Her heart ‘beats strongly’ for Lipscomb’s heritage
NASHVILLE, Tenn. — A solitary bell tolled 13 times, once…
NASHVILLE, Tenn. — Call it the second-most-surreal conversation I had during my visit to my alma mater.
Lipscomb University’s new president, Candice McQueen, carved out a few moments in her busy inauguration schedule to speak with me. It was surreal in a good way.
Related: Her heart ‘beats strongly’ for Lipscomb’s heritage
You see, nearly three decades ago, Candice and I were in Mark Black’s honors section of Luke/Acts. We had a few other classes together (including whatever Steve Prewitt taught, “Frankenstein” or something), and we graduated the same year. I quoted her a few times in “Student Voices,” a Q&A feature we ran in the student newspaper, The Babbler.
Honestly, I told her, it’s eerie how what I’m doing now for The Christian Chronicle reminds me of all those days and nights I spent in the basement of Johnson Hall … Babbling.
Of course, now Candice is in charge of the whole school. And The Babbler’s sports editor, Willie Steele, is a professor who wrote a book about the guy who wrote “Field of Dreams.” (He also teaches “Huckleberry Finn” or something.) And Lee Mayo, who lived down the hall from me in Sewell, teaches philosophy. I figured he was destined for a career in condiments.
It’s a strange, sobering sensation when you realize that your generation — Generation X, the flannel-wearing slackers who eschewed authority — has assumed the roles you thought belonged to, y’know, grown-ups.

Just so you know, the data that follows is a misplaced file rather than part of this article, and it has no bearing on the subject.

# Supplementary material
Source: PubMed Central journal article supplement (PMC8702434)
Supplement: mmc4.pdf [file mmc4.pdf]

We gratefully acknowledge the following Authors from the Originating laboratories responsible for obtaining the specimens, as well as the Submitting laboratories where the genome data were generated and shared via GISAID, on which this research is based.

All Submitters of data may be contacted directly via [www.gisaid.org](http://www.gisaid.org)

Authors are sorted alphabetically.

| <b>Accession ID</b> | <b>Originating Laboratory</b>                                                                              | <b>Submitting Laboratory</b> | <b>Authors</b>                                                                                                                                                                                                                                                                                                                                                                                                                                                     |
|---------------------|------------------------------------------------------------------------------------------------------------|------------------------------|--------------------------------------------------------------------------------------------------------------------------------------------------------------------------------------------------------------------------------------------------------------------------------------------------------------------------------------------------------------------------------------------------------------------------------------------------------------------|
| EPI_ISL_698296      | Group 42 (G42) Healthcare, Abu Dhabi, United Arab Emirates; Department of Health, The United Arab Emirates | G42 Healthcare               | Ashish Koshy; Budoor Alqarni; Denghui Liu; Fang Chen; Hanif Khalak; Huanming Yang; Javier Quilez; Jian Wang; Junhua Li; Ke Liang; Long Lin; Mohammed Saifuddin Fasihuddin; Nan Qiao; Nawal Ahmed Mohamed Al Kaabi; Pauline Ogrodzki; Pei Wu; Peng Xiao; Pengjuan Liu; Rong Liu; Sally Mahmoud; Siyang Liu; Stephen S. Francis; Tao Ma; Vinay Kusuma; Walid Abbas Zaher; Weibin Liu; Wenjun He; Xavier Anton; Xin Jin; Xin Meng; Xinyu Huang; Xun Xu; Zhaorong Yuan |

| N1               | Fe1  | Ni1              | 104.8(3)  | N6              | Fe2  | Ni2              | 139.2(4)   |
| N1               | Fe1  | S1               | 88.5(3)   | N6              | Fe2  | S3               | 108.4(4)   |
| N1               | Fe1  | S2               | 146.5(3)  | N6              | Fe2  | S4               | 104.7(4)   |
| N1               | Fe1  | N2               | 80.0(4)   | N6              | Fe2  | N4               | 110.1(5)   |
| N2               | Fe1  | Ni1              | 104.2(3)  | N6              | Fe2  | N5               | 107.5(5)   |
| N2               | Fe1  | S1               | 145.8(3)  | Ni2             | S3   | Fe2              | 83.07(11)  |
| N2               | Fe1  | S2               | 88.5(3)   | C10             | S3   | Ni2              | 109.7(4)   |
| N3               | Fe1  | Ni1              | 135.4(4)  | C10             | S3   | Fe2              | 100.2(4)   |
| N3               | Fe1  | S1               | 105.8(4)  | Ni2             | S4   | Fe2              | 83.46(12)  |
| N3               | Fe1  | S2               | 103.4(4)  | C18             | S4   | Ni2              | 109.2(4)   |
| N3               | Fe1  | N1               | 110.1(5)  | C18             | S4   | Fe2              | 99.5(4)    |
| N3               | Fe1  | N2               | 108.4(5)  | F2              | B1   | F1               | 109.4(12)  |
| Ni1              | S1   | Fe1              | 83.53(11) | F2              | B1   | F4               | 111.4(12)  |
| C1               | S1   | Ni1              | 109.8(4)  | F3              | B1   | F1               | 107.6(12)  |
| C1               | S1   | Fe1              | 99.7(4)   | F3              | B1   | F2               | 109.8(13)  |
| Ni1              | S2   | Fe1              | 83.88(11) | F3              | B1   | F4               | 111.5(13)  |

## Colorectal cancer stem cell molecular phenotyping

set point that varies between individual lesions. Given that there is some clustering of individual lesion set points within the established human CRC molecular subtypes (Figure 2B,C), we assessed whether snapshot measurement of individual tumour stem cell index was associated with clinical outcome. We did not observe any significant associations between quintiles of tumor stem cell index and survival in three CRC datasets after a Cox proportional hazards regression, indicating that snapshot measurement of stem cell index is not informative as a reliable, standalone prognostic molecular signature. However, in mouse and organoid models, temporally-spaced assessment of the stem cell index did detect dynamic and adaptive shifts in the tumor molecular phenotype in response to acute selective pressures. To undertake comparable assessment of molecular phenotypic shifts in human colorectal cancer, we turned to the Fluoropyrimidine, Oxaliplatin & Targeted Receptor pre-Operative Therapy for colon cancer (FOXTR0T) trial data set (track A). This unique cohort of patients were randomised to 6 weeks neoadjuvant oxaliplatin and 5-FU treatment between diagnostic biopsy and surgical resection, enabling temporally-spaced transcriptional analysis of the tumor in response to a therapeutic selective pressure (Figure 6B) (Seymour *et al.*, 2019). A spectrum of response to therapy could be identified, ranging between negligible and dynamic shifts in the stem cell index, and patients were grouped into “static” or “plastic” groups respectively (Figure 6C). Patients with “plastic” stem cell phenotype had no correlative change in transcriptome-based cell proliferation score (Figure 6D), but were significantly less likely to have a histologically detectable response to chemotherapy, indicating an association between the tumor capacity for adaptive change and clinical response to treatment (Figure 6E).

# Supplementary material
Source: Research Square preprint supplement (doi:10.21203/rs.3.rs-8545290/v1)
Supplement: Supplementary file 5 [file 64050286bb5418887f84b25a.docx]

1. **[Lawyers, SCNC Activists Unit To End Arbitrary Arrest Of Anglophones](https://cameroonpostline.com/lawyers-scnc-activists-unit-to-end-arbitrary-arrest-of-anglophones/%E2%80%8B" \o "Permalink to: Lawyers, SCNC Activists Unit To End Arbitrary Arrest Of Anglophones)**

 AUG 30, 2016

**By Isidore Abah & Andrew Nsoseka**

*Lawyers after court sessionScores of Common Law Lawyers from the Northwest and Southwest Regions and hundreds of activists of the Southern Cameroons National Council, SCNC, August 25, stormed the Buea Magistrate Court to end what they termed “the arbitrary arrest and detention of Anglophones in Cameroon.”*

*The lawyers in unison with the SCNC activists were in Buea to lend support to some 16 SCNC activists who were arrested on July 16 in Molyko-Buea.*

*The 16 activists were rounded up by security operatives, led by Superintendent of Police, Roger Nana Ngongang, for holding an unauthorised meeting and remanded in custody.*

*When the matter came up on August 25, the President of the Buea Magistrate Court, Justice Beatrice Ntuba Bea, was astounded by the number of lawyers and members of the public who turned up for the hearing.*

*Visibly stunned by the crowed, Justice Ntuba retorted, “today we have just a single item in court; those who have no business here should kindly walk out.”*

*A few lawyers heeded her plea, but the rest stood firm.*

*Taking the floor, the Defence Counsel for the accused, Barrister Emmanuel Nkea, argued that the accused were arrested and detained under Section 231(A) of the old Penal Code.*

“Now it’s us,” Candice said. “You and I were both students here. And so we grew here and became what I think God wanted us to be. We found our purpose here.”
We’ve both lost parents — my mother in 2013 and Brenda Hunter, Candice’s mom, in 2015. Hunter was a teacher and a principal for three Department of Defense schools. Candice’s father, Nelson Hunter, was a minister for almost 45 years before his death in 2007. He was a teacher, too.
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“They would have loved being here,” Candice said. She imagined her mother would be asking her, “Do you have your dress for tonight?”
“My father, from the pulpit, I always thought was talking to me,” she said. “I hear their advice even today.”
I know they’re thrilled for you, Candice. So are the rest of us in Lipscomb’s class of 1996. It feels like I’m breaking some rule of objectivity by saying that, but that’s the kind of thing we Gen Xers do, isn’t it?
Sorry! I left you hanging. So what was the most surreal conversation I had at Lipscomb?
That would have to be the few minutes I got to spend with Larry the Cucumber himself.
That’s right. Mike Nawrocki, co-creator of VeggieTales, is a visiting professor of cinematic arts at Lipscomb. He spoke on a panel about how Christians can “be a light” in fields from art to fashion to music. Last year Lipscomb launched a program called Imagine House with Bart Millard, lead singer of MercyMe. The idea is to get musicians, animators and all sorts of storytellers together to connect their art more deeply with their faith.
To that end, Nawrocki screened a pilot for his latest project, “Dead Sea Squirrels.” It’s based on the chapter-book series he wrote about 2,000-year-old squirrels petrified in sea salt. When a kid sneaks them home and they get, er, reanimated somehow. And they share Jesus’ teachings, which they heard in real time. Nawrocki made sure we watched the end credits to see the names of all the Lipscomb students involved in the project.
Meeting Nawrocki was a thrill. He even offered to do a quick message from Larry for my two girls, reminding them that “God made you special, and he loves you very much.” I got goosebumps.
Maybe I’m not so grown up.
ERIK TRYGGESTAD is president and CEO of The Christian Chronicle. Contact [email protected], and follow him on Twitter @eriktryggestad.
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